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Fireworks vs. Firearms

by James Tarr   |  July 2nd, 2012 3

It is the Fourth of July again in America.  Unfortunately, most people tend to think of it as “the fireworks holiday” rather than our Independence Day.  Those ignorant of history are doomed to repeat it, and our Founding Fathers, who went to war over taxes and government intervention, would be considered a huge improvement over what we have now, but that’s a rant for a different blog.  In this blog installment I simply want to talk about fireworks.

Maybe your love of firearms is what keeps you from experiencing one of these types of accidents.


I live in Michigan.  Prior to 2012, most fireworks weren’t legal in Michigan.  If it flew or exploded, it couldn’t be sold here, so a lot of people on their way back from out-of-state trips (especially to Florida) bought their firecrackers or bottle rockets or roman candles in Kentucky or wherever.  That’s now changed, due to sane people being elected to our state government. These same people, by the way, have legalized civilian ownership of suppressors and machineguns (assuming you jumped through the appropriate federal hoops), and are working on SBRs. Which sort of leads into my point—


I have absolutely no interest in fireworks.


This lack of interest in fireworks on my part began about the time I became old enough to buy guns.  I don’t think this is a coincidence.  My perspective on this is—Why settle for toys, when you can have the real thing?


That’s a question I’m going to throw out to the blog readership—do any of you have an interest in fireworks?  It isn’t just kids, I see adults everywhere lighting the things off.  Heck, only adults can afford them.


My theory is that those of us who own guns and shoot a lot satisfy that “bang and flash” instinct that drives people (especially kids) to fireworks.  I have two boys, ages 14 and 10, and they have very little interest in fireworks—but they get to shoot all sorts of stuff.  I just did an article for Rifle Shooter Magazine comparing several different pistol caliber carbines, and my boys were happy to send close to five hundred rounds downrange.  They shot paper, they shot falling steel, they shot the wooden legs out from under some targets, and they had a blast.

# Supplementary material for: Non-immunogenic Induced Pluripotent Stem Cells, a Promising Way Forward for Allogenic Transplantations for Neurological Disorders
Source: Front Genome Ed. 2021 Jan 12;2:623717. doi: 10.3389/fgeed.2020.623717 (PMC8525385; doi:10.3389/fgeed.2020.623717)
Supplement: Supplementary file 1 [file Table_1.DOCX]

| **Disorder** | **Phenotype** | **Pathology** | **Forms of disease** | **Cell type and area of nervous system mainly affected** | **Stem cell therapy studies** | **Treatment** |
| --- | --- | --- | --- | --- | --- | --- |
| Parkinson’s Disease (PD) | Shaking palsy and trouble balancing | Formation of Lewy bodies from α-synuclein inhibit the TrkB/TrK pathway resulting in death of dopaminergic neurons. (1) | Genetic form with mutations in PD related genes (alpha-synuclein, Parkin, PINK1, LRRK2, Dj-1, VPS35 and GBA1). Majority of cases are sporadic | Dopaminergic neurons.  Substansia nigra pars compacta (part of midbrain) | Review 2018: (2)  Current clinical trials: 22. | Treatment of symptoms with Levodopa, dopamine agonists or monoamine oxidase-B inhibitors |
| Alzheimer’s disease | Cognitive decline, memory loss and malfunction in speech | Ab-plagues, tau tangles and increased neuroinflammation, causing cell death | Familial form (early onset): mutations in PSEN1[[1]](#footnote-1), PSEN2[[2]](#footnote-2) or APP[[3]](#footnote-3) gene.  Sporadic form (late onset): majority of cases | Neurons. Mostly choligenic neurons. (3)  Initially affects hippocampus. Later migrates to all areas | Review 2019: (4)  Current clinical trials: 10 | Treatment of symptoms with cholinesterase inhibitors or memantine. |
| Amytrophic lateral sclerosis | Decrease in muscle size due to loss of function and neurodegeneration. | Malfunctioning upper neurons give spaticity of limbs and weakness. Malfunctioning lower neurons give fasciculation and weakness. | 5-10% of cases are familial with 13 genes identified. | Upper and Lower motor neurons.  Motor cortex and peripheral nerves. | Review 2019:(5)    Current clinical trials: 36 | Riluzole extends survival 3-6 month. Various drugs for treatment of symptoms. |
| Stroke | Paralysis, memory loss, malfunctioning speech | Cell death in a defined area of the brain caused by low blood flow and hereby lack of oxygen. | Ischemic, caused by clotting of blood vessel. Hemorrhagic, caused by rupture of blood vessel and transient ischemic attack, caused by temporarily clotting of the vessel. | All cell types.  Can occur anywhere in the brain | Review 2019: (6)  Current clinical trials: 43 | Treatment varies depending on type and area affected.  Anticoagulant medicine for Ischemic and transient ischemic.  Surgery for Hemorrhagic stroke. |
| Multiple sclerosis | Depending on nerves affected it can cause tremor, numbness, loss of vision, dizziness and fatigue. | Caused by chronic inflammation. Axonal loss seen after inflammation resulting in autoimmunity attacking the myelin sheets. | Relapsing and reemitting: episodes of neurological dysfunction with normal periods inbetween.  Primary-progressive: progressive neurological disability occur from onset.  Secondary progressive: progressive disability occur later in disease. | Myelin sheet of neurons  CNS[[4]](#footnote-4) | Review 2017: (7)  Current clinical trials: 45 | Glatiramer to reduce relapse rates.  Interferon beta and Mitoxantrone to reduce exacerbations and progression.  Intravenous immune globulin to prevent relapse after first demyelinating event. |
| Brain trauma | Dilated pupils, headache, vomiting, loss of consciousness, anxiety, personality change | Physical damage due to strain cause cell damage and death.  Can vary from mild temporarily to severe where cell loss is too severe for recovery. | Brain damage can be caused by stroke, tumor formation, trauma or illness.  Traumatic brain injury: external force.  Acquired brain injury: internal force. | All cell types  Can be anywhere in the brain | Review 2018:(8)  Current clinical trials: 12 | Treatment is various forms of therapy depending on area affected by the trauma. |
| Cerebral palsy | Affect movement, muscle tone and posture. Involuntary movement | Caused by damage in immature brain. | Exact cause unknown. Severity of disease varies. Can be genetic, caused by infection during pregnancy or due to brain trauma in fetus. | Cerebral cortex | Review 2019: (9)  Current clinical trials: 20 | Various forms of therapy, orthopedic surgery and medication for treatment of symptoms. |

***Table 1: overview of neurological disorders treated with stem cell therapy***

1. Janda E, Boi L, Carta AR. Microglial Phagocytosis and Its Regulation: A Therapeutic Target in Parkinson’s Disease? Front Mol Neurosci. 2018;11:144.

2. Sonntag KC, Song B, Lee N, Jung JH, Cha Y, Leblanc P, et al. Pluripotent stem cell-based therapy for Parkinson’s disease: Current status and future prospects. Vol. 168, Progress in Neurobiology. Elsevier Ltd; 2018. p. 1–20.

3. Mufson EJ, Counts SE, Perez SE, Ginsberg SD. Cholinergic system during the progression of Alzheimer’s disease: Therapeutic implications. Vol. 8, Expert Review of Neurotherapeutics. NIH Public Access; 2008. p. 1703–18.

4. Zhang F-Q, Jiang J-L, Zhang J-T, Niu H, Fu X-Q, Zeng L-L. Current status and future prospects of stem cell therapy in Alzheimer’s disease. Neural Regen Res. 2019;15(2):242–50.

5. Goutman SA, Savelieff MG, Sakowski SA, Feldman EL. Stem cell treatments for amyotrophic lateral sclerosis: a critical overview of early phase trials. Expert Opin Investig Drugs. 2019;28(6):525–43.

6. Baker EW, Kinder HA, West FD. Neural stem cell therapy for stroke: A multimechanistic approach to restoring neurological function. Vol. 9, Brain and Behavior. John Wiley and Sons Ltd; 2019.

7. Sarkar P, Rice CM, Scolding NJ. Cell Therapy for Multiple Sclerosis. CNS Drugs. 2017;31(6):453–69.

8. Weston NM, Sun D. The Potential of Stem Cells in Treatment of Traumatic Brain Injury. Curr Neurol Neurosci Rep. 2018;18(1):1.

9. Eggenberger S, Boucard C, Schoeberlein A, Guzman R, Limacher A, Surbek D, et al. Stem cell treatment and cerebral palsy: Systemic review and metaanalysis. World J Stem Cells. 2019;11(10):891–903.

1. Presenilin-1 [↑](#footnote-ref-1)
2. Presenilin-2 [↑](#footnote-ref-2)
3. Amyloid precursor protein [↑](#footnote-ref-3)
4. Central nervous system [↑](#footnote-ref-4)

Have either of them asked me to buy any fireworks for the Fourth?  Nope.  Have either of them expressed any interest in buying any themselves?  Nope.  Heck, there might be an age requirement for the purchase of certain fireworks in Michigan, but I don’t know what it is, because no one in my house has any interest in them.


So that’s the question I pose to the website readership—is it just me, or is the fireworks craving satisfied through firearms?


  • Wayne Uber

    Good points James.

    Now I have a better understanding of why I never developed an obscession for fireworks. Fireworks were something that "burned you" (or blew up unexpectedly). Firearms on the other hand were much more dependable (in the right company – I guess the same thing could be said for fireworks too). You could also do so much more with firearms (hunt, competitive shooting etc).

  • SemperFlyBoy

    I was once blessed with the opportunity to fly night medevac missions in not-so-friendly territory. On rare occasions, we would be "lit up" with mortar flung flares (or MMFs) which destroyed both our cover and night vision. That pretty much soured any fondness for fire in the sky. Although I did enjoy watching the napalm drops. Diversion, cover and entertainment all in one easy to jettison metal capsule.

  • @DREGstudios

    On Independence Day we should celebrate our Constitutional Rights and Freedoms which so many men and women have fought for- including Freedom of Speech, Religion, Assembly and Press. The art of film has been one of the most powerful vessels for conveying the importance of these rights. Check out the Top 10 Movies of All Time about FREEDOM on a special 4th of July post today at… to see some impassioned portrayals of our basic rights.

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